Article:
Last week I had the pleasure of moderating an evening panel on “The Future of Knowledge” with the co-authors of Digital_Humanities, a recent publication from MIT Press. Introducing the Art Center Dialogues event in the Ahmanson Auditorium was one of the book’s co-authors: our very own Anne Burdick, Chair of Art Center’s Media Design Practices. In her remarks, she mused that “our bombastic title is actually a serious proposition,” and the presentations and discussion that followed were certainly provocative and opened several important questions about teaching and research in the humanities.
Digital Humanities replaces “the paper” with “the project,” looking to the multi-modal and project-based orientation that is at the heart of creative studio practice. The authors argue that our current ideas about knowledge, interpretation and the cultural record developed in tandem with our long history with print. The digital information age upends old ideas about author, archive, memory and knowledge itself. The book positions designers (and by implication what we teach here at Art Center) as having a major contribution to make as these notions reconfigure along with the technology.
The question of how best to integrate the humanities into Art Center’s curriculum is one I care about very much, and I thank the co-authors—who, in addition to Burdick, included Johanna Drucker, a professor in UCLA’s Department of Information Studies; Peter Lunenfeld, former Art Center instructor and professor at UCLA’s Design Media Arts; Todd Presner, chair of UCLA’s Digital Humanities program; and Jeffrey Schnapp, faculty director of metaLAB at Harvard—for a wonderfully engaging evening.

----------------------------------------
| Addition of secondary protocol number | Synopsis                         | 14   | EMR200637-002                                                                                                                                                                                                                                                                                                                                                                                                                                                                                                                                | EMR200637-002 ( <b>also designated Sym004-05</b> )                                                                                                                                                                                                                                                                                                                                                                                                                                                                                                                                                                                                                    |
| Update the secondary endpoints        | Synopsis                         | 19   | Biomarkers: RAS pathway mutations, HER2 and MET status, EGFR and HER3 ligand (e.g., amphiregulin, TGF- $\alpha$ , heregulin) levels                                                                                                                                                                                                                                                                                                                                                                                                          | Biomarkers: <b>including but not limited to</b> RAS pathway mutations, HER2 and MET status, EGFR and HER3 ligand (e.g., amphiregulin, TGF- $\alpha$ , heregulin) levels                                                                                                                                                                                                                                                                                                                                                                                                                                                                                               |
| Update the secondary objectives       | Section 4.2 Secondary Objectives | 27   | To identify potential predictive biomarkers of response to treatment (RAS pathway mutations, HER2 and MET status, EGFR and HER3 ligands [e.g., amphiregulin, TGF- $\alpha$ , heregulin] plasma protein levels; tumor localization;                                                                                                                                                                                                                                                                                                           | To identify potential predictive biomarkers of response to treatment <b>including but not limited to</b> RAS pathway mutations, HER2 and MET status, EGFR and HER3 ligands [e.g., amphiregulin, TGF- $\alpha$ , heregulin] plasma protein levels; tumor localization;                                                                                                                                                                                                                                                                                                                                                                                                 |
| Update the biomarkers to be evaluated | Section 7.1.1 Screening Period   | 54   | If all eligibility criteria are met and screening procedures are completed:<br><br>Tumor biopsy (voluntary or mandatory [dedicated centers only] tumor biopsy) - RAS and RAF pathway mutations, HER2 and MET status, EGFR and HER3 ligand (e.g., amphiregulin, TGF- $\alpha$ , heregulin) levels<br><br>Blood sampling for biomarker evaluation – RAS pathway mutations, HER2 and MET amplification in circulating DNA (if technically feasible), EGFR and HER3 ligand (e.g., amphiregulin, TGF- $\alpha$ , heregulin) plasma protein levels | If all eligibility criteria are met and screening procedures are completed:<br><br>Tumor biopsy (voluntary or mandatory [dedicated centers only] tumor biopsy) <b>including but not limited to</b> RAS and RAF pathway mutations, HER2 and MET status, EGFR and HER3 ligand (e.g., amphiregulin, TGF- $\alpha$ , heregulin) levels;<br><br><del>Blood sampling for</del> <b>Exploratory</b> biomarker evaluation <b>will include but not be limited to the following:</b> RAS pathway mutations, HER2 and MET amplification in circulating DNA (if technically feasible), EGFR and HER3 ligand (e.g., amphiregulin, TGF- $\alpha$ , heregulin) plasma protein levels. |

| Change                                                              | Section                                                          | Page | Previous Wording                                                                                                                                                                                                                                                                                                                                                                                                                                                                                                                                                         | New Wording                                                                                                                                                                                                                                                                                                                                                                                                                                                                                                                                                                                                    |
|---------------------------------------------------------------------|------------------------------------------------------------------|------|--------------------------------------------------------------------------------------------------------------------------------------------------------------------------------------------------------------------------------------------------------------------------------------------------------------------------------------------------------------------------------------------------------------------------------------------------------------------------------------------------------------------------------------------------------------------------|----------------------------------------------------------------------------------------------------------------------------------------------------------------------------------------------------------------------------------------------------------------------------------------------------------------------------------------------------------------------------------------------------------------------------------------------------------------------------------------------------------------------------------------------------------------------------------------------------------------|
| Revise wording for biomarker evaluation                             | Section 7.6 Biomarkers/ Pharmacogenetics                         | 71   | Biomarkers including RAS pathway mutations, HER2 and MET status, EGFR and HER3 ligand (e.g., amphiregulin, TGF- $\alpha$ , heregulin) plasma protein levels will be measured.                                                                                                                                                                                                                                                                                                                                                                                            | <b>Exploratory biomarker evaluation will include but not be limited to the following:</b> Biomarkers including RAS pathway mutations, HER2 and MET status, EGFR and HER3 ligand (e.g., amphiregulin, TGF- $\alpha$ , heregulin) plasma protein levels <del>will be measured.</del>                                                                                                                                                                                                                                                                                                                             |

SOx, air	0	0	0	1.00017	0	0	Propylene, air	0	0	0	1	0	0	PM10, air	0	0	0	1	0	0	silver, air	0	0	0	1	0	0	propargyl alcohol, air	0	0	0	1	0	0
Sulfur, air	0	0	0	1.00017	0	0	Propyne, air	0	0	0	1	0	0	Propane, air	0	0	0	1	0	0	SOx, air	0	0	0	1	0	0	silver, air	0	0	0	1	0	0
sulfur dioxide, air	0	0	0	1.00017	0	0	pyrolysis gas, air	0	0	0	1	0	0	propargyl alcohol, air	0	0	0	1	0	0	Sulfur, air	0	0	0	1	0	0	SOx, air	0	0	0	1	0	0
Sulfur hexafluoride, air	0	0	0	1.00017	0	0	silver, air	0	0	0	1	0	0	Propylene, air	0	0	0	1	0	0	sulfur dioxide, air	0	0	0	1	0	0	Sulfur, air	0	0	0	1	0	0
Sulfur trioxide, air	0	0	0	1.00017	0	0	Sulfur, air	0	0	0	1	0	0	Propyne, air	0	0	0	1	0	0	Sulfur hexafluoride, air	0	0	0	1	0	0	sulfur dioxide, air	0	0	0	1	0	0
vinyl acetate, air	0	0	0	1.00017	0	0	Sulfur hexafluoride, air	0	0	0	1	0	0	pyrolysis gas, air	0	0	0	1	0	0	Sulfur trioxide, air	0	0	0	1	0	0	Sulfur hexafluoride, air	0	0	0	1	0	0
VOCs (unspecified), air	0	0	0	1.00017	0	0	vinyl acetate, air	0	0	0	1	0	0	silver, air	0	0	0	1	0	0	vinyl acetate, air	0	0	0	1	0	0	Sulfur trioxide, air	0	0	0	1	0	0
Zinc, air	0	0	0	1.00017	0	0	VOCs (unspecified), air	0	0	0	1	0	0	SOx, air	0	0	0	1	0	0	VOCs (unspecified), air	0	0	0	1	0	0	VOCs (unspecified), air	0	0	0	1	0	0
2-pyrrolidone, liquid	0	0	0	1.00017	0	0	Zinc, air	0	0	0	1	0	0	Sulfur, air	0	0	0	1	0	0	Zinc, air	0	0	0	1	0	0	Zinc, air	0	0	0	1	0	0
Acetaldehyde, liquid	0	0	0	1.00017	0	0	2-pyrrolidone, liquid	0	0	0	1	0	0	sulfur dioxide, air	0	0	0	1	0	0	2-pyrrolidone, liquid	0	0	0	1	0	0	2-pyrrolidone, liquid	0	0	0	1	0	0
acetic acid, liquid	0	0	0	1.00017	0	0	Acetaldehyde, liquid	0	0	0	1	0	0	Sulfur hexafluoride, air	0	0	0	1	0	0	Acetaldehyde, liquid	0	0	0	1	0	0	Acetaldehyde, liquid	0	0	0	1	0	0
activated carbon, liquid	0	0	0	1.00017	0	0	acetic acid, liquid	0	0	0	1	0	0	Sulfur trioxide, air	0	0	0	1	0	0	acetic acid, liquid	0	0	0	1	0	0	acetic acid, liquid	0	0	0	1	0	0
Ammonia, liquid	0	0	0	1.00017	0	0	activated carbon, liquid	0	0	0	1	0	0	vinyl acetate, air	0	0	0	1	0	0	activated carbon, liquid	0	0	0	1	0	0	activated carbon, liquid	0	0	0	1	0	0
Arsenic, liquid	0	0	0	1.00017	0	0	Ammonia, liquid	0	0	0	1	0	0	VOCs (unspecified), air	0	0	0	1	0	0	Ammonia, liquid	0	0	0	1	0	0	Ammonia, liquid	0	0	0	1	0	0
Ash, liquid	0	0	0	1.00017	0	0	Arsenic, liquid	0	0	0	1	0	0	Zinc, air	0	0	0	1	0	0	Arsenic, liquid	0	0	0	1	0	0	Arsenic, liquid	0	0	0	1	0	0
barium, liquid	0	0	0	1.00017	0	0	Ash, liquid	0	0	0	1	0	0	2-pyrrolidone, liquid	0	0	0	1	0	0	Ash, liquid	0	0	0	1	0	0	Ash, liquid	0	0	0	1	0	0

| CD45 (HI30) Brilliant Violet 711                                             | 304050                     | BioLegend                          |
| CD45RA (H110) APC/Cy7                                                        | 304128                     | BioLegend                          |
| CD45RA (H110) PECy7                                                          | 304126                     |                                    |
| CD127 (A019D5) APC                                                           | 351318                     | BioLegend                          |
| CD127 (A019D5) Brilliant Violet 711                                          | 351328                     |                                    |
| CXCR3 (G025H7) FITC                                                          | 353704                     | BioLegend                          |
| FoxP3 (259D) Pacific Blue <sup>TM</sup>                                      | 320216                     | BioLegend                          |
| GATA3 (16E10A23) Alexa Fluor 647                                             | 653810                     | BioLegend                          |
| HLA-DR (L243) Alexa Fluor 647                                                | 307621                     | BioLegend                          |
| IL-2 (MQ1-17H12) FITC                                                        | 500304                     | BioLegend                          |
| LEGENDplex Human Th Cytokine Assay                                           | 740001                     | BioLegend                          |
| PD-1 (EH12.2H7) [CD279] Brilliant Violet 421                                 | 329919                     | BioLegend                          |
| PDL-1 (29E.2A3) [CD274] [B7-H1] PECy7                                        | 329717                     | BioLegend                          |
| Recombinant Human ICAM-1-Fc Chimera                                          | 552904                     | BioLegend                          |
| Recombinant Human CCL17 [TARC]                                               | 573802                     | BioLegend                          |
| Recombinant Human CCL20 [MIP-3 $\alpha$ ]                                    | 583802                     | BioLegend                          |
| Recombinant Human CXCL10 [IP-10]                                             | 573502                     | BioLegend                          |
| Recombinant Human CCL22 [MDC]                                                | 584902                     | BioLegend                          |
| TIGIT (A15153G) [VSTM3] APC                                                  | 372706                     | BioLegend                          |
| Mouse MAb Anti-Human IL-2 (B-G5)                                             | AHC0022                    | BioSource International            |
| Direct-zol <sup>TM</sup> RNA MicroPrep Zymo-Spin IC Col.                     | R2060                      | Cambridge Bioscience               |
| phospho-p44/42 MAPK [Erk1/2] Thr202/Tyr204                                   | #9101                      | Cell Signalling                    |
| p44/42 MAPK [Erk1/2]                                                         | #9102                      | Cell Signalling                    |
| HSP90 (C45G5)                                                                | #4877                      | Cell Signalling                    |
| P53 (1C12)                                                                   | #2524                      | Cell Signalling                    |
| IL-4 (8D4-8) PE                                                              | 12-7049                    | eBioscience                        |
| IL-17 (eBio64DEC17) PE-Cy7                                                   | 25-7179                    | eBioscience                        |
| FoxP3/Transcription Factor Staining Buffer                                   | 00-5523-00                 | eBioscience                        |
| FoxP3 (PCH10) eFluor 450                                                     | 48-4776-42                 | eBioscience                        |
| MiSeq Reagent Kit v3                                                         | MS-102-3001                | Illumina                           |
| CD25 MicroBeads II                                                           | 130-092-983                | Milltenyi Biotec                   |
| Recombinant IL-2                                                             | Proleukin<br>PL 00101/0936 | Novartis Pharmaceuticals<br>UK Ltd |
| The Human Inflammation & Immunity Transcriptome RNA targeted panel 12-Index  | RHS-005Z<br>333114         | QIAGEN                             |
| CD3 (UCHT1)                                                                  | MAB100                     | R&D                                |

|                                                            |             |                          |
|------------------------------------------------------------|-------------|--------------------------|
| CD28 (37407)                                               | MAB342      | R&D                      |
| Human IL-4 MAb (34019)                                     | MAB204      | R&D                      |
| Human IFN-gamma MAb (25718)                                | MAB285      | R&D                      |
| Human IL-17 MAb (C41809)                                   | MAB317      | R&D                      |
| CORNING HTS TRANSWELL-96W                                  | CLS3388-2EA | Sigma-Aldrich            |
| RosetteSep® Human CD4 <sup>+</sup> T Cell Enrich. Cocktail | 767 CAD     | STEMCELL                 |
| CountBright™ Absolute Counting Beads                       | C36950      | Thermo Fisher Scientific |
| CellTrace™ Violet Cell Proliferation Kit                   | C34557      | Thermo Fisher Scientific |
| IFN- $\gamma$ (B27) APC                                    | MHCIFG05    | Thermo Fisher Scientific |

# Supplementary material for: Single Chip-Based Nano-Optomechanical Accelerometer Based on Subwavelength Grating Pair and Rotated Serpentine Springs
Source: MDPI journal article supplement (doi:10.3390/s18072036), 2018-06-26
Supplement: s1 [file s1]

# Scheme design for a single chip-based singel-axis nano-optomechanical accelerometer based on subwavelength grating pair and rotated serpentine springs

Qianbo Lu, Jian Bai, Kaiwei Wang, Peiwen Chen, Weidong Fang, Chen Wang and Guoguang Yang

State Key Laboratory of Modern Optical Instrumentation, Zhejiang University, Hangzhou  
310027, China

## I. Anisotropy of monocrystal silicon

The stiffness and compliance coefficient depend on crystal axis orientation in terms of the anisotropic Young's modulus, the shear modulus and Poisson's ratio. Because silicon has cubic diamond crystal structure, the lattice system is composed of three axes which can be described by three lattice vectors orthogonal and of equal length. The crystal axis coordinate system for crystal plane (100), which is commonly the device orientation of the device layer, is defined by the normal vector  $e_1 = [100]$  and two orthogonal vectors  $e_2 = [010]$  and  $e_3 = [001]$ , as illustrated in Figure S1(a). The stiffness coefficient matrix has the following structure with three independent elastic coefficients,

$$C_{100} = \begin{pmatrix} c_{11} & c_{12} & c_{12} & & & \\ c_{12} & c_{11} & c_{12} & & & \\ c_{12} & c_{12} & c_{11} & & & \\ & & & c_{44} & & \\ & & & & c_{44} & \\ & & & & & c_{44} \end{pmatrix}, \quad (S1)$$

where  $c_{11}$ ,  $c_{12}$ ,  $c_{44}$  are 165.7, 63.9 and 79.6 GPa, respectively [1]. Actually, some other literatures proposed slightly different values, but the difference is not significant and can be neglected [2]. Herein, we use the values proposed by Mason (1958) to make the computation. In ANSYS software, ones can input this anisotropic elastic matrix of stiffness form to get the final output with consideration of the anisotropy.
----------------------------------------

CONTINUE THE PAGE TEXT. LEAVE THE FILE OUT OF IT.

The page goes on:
Further assurance that the methodologies we profess here at Art Center foster forward-thinking students is a profile of 2013 Product Design graduate and now Microsoft designer Andrew Kim on the pioneering company’s website. The article describes how Kim caught the attention of the company’s recruiters with his project “The Next Microsoft”—a rebranding of the software giant he created for what was supposed to be a popsicle redesign assignment in instructor Frido Beisert’s Creative Strategies class.
I was also happy to see so many members of the Art Center community come together last month for Car Classic: Inspired by Nature. The turnout was spectacular, the weather was perfect and it was gratifying to see the crowds enjoying both the iconic vehicles on display outdoors and the first-rate work of students on display indoors.
One highlight of the day was an historic multigenerational interview—conducted by The Tonight Show’s Jay Leno—between alumnus Peter Brock, who sketched the lines of the original 1959 Chevrolet Corvette Racing Stingray, and alumnus Tom Peters, whose re-launched 2014 Corvette Stingray was recently named Car of the Year by Yahoo! Autos.
A passion for design across generations was in full effect that day. Not only were current students fanned out across the field and sketching the works of automotive art, but a panel of very young judges also presented the first ever Car Classic Kids’ Choice Award. How many of those budding automotive enthusiasts might end up studying at Art Center? And might the new South Campus industrial design facility we’re planning, made possible by a generous gift from Car Classic attendees Peter and Merle Mullin, be the place where their own creative aspirations find fulfillment?
With Thanksgiving just around the corner, I’m thankful for events like Car Classic and the Art Center Dialogues series that bring our campus community together with a very enthusiastic public, including tomorrow’s artists and designers. We have much to be grateful for at this exciting time for the College.
Lorne M. Buchman, Ph.D., is President and CEO of Art Center College of Design. For more on the Art Center Dialogues “The Future of Knowledge,” visit the event’s Storify feed.